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The heads of streetlamps
are full of moth debris
when they’re brought in for scrap.
Sometimes their glass bowls harbor
a burnt-up bird’s nest.
Men extract the copper wires, metal screws,
and aluminum sheathing,
then sort it into bins
and sell it to the Metal Market.
Luminaires have a fund of vapor
that decreases over time.
They spend their last evenings
randomly lighting up
and flickering off to sleep.
Utility workers search after dark
when failing lamps are conspicuous.
When you approach an expired lamp
the bulb lights up
as if activated by a presence.
They sense darkness, not motion.
Before their bodies become salvage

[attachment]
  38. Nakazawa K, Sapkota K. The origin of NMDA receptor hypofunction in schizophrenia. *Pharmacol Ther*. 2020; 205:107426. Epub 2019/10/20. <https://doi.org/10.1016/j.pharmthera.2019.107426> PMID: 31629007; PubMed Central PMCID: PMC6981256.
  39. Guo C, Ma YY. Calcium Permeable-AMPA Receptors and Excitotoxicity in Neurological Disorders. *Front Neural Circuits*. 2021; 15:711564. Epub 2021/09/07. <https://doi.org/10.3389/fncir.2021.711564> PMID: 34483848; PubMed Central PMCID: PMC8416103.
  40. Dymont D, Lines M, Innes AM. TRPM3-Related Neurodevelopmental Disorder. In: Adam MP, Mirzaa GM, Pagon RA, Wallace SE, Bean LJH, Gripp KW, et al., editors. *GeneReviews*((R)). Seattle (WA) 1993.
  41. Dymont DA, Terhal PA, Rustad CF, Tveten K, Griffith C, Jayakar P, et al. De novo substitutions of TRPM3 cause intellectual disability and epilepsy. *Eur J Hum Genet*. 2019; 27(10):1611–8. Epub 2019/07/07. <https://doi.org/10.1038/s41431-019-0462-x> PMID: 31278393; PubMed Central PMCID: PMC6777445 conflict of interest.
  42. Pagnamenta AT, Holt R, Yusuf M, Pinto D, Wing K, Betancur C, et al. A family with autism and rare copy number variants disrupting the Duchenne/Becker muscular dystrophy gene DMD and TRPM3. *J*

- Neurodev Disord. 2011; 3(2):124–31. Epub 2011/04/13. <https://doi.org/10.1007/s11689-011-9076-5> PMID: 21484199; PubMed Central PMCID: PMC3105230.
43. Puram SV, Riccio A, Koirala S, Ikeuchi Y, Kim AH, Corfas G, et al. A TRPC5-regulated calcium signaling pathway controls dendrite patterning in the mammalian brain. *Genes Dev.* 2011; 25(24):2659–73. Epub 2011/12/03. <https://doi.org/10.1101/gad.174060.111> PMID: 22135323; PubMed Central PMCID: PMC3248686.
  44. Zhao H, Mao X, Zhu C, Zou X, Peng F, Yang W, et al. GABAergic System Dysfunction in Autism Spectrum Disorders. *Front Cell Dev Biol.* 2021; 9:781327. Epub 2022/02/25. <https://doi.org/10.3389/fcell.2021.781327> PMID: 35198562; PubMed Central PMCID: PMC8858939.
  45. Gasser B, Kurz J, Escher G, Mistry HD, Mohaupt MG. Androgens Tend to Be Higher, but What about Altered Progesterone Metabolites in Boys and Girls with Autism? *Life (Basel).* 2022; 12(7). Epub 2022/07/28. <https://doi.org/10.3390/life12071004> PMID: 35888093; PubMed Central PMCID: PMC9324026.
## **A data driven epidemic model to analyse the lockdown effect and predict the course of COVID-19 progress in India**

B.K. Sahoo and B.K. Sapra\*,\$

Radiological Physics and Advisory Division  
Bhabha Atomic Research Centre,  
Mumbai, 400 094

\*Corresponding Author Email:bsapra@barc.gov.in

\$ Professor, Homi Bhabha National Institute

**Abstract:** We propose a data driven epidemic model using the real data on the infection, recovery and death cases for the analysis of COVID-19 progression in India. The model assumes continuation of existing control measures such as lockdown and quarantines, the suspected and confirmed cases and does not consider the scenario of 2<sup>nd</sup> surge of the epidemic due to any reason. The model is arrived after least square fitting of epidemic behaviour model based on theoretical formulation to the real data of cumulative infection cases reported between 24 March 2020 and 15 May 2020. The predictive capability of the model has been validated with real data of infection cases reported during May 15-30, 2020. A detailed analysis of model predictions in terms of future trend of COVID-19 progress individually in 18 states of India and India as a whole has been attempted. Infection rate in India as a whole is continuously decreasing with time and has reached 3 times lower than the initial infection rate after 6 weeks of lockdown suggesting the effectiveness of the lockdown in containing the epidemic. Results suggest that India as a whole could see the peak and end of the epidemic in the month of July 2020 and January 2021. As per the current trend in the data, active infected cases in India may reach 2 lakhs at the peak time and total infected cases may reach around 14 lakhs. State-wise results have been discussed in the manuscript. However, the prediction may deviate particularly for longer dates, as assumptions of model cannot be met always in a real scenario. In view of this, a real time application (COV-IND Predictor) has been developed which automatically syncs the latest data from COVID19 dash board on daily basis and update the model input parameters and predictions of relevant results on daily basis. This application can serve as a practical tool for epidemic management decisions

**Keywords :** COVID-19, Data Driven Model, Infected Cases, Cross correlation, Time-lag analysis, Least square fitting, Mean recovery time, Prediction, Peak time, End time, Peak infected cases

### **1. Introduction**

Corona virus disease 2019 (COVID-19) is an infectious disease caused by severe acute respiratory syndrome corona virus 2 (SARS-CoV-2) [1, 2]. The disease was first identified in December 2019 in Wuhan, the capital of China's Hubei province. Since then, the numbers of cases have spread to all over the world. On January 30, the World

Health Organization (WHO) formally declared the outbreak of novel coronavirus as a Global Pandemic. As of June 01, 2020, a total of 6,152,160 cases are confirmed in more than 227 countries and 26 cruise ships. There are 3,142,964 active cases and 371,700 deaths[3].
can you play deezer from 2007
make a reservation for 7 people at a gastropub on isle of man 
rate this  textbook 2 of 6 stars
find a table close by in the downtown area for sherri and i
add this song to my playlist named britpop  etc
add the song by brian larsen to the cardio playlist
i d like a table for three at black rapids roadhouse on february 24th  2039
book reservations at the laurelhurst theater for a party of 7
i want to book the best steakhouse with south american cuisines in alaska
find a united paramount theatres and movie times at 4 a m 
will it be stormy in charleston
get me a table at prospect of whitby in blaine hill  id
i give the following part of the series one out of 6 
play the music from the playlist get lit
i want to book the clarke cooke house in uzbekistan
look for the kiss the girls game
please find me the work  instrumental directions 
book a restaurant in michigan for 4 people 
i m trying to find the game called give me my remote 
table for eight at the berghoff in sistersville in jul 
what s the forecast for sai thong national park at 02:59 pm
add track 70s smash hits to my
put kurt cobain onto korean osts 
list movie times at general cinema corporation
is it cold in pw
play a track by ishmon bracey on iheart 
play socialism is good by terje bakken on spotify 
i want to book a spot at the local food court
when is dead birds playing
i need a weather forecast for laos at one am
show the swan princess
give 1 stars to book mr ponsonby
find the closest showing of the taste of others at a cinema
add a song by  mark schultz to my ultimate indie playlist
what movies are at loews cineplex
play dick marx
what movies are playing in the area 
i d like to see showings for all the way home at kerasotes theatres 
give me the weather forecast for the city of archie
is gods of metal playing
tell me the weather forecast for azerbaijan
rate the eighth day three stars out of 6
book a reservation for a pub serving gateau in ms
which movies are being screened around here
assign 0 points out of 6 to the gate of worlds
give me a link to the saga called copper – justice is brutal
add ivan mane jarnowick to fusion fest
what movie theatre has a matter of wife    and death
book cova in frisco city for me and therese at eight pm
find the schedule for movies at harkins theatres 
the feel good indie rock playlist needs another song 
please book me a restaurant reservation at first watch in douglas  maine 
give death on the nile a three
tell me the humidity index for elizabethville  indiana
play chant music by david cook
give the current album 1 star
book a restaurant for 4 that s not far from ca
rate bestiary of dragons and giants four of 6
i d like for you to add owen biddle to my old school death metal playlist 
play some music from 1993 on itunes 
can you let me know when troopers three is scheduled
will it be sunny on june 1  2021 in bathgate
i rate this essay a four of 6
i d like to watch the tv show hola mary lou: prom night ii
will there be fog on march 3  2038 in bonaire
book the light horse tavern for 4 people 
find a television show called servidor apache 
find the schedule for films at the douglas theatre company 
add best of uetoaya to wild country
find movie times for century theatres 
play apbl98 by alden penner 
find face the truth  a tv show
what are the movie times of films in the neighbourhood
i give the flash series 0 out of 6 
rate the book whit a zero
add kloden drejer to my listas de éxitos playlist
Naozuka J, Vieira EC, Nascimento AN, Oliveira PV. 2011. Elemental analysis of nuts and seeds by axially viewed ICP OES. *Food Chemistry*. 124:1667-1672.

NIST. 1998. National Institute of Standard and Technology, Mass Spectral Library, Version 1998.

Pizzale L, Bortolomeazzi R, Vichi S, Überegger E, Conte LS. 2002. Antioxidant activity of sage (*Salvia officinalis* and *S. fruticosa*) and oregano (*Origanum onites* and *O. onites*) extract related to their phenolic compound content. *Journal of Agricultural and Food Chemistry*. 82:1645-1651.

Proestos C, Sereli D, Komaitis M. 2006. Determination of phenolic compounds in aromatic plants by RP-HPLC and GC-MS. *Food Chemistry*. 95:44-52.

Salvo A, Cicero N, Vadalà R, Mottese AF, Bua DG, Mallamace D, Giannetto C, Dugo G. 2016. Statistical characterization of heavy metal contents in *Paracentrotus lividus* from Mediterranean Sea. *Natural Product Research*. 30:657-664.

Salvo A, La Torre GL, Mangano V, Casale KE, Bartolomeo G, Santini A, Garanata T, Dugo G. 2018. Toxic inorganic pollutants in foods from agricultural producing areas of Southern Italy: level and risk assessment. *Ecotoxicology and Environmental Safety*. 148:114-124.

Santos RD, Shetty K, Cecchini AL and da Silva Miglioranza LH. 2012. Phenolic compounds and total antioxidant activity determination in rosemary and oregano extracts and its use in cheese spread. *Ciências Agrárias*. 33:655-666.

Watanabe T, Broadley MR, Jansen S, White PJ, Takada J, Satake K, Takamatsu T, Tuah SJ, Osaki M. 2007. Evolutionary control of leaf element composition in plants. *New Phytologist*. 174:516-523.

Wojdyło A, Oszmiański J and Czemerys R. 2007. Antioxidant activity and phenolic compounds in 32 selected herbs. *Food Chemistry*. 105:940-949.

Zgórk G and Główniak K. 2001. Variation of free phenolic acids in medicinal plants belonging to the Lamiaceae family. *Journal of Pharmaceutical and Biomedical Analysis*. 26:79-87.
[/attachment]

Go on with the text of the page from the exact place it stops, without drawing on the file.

they are sensitive to something more,
and they acknowledge it.
The City of Fremont Streets Department
You may never catch the union men unrolling
bundles of snow fence, pounding stakes,
and fastening wire ties, but you see
their arrangements lined up in schoolyards.
You’d have to wear an orange vest
for a year to discern the plugged-up basins,
faded arrows in intersections, and leaning
road signs. It all becomes conspicuous
the way typos leap out at an editor,
or the way secret codes in newspapers
glisten before the eyes of schizophrenics,
except these ciphers are real:
the dark half of a block where a streetlamp
failed to light up is haunted by men ascending
in a cherry picker, and the absence of men
who built the snow fence is a presence, just as much.
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